You may think that Tallis is a conservative Christian or, at the very least, some kind of Cartesian dualist who is critical of Darwinism. But you would be mistaken. He is, in fact, a confessed atheist, and proud of the fact; he believes in the theory of evolution; and he is not a Cartesian dualist. But this is what makes his book such fascinating reading. Here is an evolutionist who is critical of the way in which many of the advocates of that theory invoke it as the explanation for everything about us. Here is an atheist who appears to be embarrassed at the way that some of his fellow atheists advance their cause. Here is someone who is not a Cartesian dualist but who provides a powerful critique of the way in which many today would reduce us to the level of a machine. As such, Tallis joins the ranks of a distinguished line of writers who, while not professing Christian faith or even any religious faith, have been critical of the way in which some have, under the respectable cloak of science, sought to advance philosophical positions which have no real foundation in science: one thinks of the Nobel Prize winning neuroscientist, the late Sir John Eccles, and of his philosophical mentor, the late Sir Karl Popper, and of Oxford mathematician, Professor Roger Penrose.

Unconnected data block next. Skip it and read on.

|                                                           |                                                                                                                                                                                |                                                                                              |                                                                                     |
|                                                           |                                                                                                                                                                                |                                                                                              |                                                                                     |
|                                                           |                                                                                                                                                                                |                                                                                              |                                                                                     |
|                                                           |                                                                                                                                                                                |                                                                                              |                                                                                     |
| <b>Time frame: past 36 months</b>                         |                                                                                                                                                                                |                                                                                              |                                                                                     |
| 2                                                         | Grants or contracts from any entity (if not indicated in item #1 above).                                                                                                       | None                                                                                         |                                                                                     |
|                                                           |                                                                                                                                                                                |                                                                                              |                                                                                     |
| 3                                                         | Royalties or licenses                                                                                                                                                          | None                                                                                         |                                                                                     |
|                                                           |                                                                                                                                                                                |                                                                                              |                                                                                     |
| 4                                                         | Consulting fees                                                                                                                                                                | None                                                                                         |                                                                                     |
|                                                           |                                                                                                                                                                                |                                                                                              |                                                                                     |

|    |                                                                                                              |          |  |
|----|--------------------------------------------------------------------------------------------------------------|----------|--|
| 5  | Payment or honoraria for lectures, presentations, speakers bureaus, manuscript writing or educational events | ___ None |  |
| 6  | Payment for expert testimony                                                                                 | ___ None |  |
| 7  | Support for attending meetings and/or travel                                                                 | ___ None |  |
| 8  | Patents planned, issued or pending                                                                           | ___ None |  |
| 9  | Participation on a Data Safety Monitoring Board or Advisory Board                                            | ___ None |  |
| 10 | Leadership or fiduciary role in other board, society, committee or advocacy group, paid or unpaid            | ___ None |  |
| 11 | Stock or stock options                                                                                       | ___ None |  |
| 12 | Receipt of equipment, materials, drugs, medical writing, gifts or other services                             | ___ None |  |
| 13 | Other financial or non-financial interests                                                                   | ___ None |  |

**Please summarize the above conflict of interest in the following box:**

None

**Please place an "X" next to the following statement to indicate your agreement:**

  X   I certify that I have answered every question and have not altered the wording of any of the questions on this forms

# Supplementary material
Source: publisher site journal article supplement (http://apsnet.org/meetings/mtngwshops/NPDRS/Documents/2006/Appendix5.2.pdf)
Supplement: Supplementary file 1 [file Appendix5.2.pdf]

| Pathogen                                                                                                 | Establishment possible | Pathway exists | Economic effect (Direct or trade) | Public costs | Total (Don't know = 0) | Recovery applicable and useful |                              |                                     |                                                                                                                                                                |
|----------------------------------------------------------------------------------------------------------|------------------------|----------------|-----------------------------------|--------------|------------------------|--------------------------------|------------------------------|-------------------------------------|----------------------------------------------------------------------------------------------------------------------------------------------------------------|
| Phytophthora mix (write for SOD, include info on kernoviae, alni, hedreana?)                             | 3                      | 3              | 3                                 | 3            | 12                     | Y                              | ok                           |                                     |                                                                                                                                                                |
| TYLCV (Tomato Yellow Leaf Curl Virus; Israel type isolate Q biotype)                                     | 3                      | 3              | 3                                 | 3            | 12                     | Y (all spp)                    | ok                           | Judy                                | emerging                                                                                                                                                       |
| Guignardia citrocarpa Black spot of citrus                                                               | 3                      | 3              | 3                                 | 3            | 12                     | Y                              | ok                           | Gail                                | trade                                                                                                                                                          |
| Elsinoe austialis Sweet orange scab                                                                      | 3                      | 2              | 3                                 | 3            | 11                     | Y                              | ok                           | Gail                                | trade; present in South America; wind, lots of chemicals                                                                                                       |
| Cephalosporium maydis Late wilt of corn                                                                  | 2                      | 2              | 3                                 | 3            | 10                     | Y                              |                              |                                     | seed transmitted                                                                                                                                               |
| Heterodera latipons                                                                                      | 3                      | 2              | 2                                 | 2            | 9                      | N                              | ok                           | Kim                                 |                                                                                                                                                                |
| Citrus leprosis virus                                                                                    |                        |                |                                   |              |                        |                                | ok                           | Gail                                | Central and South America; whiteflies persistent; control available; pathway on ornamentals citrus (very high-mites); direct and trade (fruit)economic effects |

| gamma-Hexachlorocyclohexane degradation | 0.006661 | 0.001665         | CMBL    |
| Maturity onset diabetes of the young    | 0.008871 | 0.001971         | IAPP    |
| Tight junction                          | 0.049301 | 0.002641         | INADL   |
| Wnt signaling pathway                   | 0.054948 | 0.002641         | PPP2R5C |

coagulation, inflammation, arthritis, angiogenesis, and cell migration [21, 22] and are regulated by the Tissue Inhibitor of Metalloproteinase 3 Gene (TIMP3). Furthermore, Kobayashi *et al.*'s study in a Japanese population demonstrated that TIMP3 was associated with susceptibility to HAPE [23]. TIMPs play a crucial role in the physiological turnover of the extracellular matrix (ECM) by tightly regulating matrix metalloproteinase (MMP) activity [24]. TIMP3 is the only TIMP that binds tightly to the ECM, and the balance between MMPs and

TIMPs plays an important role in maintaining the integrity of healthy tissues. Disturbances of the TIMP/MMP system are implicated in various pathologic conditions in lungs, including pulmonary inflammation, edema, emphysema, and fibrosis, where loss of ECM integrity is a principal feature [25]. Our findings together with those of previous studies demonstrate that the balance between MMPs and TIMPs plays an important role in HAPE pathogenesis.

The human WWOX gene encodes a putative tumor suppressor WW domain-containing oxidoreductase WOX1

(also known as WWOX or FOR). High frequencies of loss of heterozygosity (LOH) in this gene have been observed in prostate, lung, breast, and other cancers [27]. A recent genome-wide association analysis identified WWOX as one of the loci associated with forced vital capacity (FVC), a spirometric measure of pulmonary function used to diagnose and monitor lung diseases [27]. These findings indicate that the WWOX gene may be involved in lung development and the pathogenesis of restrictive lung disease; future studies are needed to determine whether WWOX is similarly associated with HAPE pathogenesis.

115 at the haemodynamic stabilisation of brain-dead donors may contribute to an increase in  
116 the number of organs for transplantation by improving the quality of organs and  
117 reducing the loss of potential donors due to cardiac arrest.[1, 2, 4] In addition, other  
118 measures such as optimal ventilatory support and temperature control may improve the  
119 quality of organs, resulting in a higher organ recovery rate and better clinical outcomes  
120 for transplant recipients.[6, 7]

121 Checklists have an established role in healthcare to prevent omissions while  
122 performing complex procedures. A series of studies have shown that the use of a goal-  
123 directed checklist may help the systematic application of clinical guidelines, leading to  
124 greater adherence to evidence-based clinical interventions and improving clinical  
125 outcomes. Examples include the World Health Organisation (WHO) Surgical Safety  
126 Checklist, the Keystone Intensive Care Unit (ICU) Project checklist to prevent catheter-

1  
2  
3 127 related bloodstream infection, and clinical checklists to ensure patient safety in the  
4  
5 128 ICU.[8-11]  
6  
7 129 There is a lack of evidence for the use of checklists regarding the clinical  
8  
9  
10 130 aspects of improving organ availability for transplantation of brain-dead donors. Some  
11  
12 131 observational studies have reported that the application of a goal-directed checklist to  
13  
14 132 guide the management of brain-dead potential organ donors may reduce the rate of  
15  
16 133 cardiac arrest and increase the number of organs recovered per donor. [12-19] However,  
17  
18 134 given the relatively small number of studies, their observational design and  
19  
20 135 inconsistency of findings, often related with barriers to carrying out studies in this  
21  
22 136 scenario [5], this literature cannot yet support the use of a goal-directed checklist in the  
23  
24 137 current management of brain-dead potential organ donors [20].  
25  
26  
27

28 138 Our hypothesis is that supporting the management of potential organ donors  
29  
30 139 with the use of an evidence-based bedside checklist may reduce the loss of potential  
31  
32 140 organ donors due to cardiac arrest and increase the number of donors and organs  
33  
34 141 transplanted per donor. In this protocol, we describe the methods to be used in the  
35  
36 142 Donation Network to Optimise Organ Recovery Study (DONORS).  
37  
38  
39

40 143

The Israelites sometimes plundered their enemies and the enemies of the Lord. The apostle Paul could quote pagan poets who, because of common grace, had valid insights into the nature of God and humanity. Of course this does not mean that he agreed with everything that they said. So with Tallis’s book; there will be things with which an evangelical Christian is bound to disagree. Tallis, after all, is a confessed humanist; and the basis upon which he argues for the uniqueness of humanity and the value of human culture does not take account of that which truly distinguishes us from other animals and the most sophisticated machines, viz., that we have been created in God’s image. He does, nevertheless, present a powerful critique of the idea that is being drip-fed by pop science into the popular consciousness, namely that there is nothing that is unique about human beings. As Nehemiah had to clear away rubbish and rubble before the rebuilding of the wall could be completed, so, in the work of evangelism, faced, as we sometimes are, with people who have been brain-washed into believing what pop science tells them, there is great need and can be great value, before presenting the gospel, in clearing away the intellectual rubbish and rubble that gets in the way of people hearing the message. Tallis’s book is, at points, an ally in this work. In his memorable British Evangelical Council address, The State of the Nation, the late Dr Lloyd-Jones pressed John Eccles’s philosophical work Facing Reality into service in this way. We, in another generation, could do a lot worse than do the same with this masterly work by Ray Tallis. It is highly recommended reading.